Cultivating a Coalition of Sustainable Farmers

by Kate Johnson

Published: 6/21/16, Last updated: 5/24/19

A Growing Culture (AGC) seeks to create a global coalition connecting farmers with the resources they need to contribute to an ecologically sound food system. By empowering local farmers to develop site-specific adaptations of sustainable agriculture principles that serve them, their soil, and their community, AGC will help cultivate a prosperous future by connecting a global community of growers and creating a culture where these growers can thrive. Here, Founder and Executive Director Loren Cardeli talks about the various challenges that farmers face, sustainable farming and the importance of coalition building.

What first sparked your interest in sustainable agriculture?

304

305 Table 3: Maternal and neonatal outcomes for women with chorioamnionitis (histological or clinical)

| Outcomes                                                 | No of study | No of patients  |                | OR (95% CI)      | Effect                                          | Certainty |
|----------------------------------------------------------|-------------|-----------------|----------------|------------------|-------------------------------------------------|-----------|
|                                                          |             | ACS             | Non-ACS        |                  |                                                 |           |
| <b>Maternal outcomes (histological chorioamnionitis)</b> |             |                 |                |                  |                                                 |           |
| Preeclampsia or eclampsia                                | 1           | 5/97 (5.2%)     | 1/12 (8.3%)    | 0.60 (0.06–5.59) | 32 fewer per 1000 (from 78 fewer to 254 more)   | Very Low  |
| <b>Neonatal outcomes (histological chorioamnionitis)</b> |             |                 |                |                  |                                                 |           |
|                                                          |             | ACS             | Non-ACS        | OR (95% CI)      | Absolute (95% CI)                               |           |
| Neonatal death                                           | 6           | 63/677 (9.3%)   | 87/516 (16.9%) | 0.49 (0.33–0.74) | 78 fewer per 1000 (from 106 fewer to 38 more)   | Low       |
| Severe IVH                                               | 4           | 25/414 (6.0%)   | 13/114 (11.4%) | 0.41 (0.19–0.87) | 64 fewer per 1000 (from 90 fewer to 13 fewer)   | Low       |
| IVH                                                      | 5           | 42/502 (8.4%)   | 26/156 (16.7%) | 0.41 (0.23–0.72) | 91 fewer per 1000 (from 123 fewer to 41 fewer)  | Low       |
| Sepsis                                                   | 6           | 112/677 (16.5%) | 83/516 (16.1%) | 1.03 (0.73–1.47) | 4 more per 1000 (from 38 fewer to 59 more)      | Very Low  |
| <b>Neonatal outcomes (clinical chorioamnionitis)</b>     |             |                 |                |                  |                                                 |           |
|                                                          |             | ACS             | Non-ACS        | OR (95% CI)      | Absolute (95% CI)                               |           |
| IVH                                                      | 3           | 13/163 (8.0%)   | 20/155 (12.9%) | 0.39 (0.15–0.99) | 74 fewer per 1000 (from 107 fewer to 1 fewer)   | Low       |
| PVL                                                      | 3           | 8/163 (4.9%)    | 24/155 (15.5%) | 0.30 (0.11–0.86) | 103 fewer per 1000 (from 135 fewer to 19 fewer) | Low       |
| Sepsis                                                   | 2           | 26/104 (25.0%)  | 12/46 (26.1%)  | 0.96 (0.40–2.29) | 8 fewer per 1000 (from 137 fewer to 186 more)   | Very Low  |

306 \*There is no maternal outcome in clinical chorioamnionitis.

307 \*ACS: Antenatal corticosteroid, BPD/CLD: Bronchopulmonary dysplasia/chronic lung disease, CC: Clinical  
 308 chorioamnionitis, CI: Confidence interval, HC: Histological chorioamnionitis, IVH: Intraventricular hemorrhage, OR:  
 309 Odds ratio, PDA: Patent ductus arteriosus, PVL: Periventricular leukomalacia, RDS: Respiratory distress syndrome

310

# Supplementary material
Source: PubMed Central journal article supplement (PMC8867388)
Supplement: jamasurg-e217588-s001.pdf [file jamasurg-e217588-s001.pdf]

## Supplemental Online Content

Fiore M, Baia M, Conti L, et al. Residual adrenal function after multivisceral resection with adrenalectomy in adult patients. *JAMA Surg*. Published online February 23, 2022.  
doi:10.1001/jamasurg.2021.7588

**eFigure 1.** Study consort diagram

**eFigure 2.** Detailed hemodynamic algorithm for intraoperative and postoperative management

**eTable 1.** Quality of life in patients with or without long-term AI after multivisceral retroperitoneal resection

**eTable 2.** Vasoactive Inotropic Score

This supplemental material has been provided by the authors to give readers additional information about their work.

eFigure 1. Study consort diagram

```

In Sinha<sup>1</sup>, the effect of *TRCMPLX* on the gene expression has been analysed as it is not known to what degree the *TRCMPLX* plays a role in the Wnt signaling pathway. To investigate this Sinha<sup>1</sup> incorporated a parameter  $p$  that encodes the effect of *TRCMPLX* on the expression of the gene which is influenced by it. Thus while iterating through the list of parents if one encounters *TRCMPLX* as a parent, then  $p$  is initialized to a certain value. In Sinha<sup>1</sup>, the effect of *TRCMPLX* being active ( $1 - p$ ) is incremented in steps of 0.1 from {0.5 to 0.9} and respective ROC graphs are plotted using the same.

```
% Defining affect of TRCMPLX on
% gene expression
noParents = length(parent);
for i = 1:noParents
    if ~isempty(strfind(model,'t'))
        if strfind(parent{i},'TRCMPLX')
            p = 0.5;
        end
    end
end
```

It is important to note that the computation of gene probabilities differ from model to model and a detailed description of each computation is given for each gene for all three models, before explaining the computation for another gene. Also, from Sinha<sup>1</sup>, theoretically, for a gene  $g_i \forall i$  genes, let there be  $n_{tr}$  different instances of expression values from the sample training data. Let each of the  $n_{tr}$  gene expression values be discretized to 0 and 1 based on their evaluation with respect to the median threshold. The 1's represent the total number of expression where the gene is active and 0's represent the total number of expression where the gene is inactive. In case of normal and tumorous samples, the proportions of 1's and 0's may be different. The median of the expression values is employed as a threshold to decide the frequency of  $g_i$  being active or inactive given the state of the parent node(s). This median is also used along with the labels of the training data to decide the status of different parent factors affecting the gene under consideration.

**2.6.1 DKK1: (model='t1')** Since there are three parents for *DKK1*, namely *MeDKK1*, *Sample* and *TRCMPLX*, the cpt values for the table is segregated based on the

Growing up in the suburbs of New York City, I must admit I was not introduced to agriculture at an early age. However, it didn’t take long to realize that the suburban lifestyle was not for me. In my early days, I was much of an outsider, constantly trying to fit into a world that didn’t provoke my passion or creativity. My large and dynamic family all effortlessly fit in wherever they were, something that seemed harder and harder for me as I grew older. Finally, with the help of my sister, I found a school in Vermont called The Putney School. Incorporating farming into the curriculum, Putney opened my eyes, enabling me to realize that there was more to agriculture than what I had previously been taught. I remember grey and lonely mornings heading to the barn to milk cows before school started. I would climb out of bed at 5:00 a.m. and plow through the deep, fluffy snow as the sun struggled to break through the clouds, and finally feel a hint of warmth as I shouldered my way between those amazing Brown Swiss cows. It was there – at the hilly, progressive Putney campus filled with the oddballs and environmentalists who also rejected their mostly suburban upbringings – that my interest in sustainable agriculture took root.